To look at the statistics, the city of Detroit, Michigan, USA has had one hell of a ride over the last fifty years. What statistics, you may ask.
- The population declined by 63% since 1950 and 25% between the years 2000 and 2010.
- In the 1950s, 214,000 Detroiters were employed by automobile companies but less than half that number were employed in Detroit in the 1990s.
- 80,000 structures and 66,000 lots are abandoned.
- The city was in bankruptcy from March 2013 to December 2014 as there was little tax revenue to support the city.
- Detroit’s median household income is only $23,600.
America’s Motor City
The rise and fall of Detroit can be attributed to the automobile industry. At the turn of the 20th century, the auto industry attracted many migrants and transformed the city. Its central location on a river afforded easy access for transportation of incoming raw materials and outgoing goods. Detroit was ideally situated and the city continued to grow.
Blue Collar Housing
The population in Detroit peaked by the mid 1950s to almost two million. The automobile industry enabled workers to access federally backed mortgages. In contrast to other developing US cities, a high proportion of the structures were detached family homes.
White Collar Housing
Wherever there is success, there are the bureaucrats and middle rank white collar workers and Detroit was no different. During that time, Detroit had its fair share of attorneys, designers, managers and engineers. These white collar workers bought and built homes in more exclusive areas away from the factories.
Expressways In The USA
There was no denying the effect the automobile had on the city of Detroit as it hosted two of America’s earliest expressways. Unfortunately, funds for public transportation were neglected in favor of the services required by new car owners. Federally funded highway projects were now a priority over public works projects.
New housing development arose from, what was considered, rural areas on the outskirts of Detroit. During the 1900s, the area of the city of Detroit had expanded from 20 square miles to several thousand square miles.
The landscape of the metropolitan area changed with the advent of parking lots surrounding shopping centers. Imagine the roads, gas stations, fast food places and car dealerships that grew as a result of the Detroiters dependence on the automobile.
Not Made To Last
Automobiles were not made to last. Each year, the manufacturers would roll out a new model. Unfortunately, they felt the same way about their factories. Once they were obsolete, they would build another one. From 1945, 25 new plant were built in Detroit all outside of the city. The decentralization of the car making industry had a a profound effect on the urban landscape.
By the 1950s, one sixth of workers were somehow involved in the car making business. Militant unionism caused problems for manufacturers and so key operations were relocated to low wage regions outside the city. As a result, it wasn’t long before the factories in Detroit closed up shop.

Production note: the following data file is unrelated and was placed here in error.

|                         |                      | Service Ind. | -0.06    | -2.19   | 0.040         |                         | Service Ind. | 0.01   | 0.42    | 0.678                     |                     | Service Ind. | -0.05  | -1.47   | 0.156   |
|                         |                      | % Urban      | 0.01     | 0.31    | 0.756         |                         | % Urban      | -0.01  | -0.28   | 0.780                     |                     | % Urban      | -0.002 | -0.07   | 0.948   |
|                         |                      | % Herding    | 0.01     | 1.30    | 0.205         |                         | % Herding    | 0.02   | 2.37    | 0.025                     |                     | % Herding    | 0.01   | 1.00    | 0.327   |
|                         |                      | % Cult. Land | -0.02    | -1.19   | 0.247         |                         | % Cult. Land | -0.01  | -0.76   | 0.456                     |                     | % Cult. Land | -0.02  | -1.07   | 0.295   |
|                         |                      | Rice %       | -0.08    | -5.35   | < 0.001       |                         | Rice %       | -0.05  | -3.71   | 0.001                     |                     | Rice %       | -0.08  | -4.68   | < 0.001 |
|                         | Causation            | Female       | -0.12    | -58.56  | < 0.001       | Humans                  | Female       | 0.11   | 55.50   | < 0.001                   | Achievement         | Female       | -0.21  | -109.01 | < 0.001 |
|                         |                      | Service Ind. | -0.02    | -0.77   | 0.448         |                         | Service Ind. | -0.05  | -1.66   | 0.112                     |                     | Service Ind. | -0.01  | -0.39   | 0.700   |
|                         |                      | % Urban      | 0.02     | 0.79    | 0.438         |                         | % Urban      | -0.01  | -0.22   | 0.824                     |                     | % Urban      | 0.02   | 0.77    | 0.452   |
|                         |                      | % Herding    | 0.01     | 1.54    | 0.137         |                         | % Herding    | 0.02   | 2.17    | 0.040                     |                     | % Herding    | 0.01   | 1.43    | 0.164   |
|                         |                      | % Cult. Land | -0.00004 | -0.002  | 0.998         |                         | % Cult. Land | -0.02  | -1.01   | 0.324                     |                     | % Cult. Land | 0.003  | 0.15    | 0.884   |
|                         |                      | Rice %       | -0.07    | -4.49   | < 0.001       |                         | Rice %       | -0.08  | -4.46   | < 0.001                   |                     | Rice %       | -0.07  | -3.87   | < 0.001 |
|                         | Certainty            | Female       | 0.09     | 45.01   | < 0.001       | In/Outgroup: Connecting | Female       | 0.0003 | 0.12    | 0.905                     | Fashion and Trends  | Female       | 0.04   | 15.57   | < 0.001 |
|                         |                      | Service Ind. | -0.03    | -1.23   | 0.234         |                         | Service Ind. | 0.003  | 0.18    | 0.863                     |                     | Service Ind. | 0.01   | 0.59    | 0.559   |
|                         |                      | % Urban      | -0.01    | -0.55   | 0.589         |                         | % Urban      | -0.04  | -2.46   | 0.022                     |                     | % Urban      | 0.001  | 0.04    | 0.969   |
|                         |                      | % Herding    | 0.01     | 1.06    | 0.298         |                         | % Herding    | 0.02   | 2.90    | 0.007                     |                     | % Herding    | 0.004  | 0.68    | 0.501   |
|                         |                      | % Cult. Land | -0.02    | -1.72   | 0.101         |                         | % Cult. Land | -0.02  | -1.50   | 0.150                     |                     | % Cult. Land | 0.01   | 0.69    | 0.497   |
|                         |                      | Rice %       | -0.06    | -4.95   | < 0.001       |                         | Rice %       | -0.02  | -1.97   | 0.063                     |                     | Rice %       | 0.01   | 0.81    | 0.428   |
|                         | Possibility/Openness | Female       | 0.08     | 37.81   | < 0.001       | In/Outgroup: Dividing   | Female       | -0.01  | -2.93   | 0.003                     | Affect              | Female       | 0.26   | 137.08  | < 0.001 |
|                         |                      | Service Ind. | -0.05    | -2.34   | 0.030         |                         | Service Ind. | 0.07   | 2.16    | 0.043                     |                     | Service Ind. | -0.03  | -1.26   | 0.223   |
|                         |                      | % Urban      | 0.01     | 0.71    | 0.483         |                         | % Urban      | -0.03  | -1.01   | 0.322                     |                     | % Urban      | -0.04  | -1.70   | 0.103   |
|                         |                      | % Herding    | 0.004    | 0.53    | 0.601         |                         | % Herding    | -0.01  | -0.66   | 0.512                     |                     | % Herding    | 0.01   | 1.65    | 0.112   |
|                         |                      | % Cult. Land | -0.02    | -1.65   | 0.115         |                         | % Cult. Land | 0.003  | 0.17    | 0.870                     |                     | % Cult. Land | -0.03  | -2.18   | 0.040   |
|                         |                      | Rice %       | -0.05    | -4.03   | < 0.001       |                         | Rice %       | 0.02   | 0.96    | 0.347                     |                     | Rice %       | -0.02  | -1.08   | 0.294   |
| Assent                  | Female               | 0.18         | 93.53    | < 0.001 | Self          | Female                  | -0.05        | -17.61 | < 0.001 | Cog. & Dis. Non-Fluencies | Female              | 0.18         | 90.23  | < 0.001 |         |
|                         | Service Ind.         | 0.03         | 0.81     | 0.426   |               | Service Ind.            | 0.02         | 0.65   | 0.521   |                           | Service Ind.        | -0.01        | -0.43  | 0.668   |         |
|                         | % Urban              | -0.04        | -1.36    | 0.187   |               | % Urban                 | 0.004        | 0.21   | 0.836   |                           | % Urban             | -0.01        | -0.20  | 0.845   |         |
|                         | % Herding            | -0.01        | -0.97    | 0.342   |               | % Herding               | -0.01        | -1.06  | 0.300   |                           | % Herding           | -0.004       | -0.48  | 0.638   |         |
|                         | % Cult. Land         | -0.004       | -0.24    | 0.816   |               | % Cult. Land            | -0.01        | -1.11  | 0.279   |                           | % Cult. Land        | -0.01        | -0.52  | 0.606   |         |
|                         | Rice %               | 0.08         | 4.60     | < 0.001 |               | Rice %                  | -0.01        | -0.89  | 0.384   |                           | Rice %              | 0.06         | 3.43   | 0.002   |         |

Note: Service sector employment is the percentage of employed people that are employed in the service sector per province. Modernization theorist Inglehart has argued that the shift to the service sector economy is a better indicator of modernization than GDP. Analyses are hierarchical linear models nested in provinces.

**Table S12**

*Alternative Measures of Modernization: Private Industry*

Depopulation and Abandonment
Hardest hit by the decentralization of the industry were the black population. They couldn’t follow the work the the areas where factories were relocated. The reason was because of poor public transportation and the lack of accommodation in the outlying towns which excluded minorities. It was not only the workers but also the urban neighborhoods which were affected by the abandonment of the auto industry.
Made, Re Made, Unmade
The Motor City came to life setting up a factory next to a river. During the era of the railroad, the industry exploded. Raw materials could be brought in and cars railed out. With the federally funded expressways, it was possible to decentralize and move industry away from the river and the railroad. As mentioned earlier, in the 1950s, 214,000 Detroiters were employed by automobile companies but less than half that number were employed in Detroit in the 1990s. This is a significant figure as this left a lot of houses and buildings in Detroit foreclosed upon and/or abandoned.
Detroit Blight Task Force
Estimates suggest that, in Detroit, one parcel in five is an abandoned structure. The aim of the task force is to turn a vacant structure into an occupied one. The well kept properties, on the other hand, will go to auction. Demolition work has commenced at removing this blight of abandonment. The estimated total bill for the task is $US850 million. The money available will initially go to the areas where it will have the greatest impact. The logic behind all of this is that once all the blighted structures have been removed, people will return to the neighborhood. This is a step in the right direction.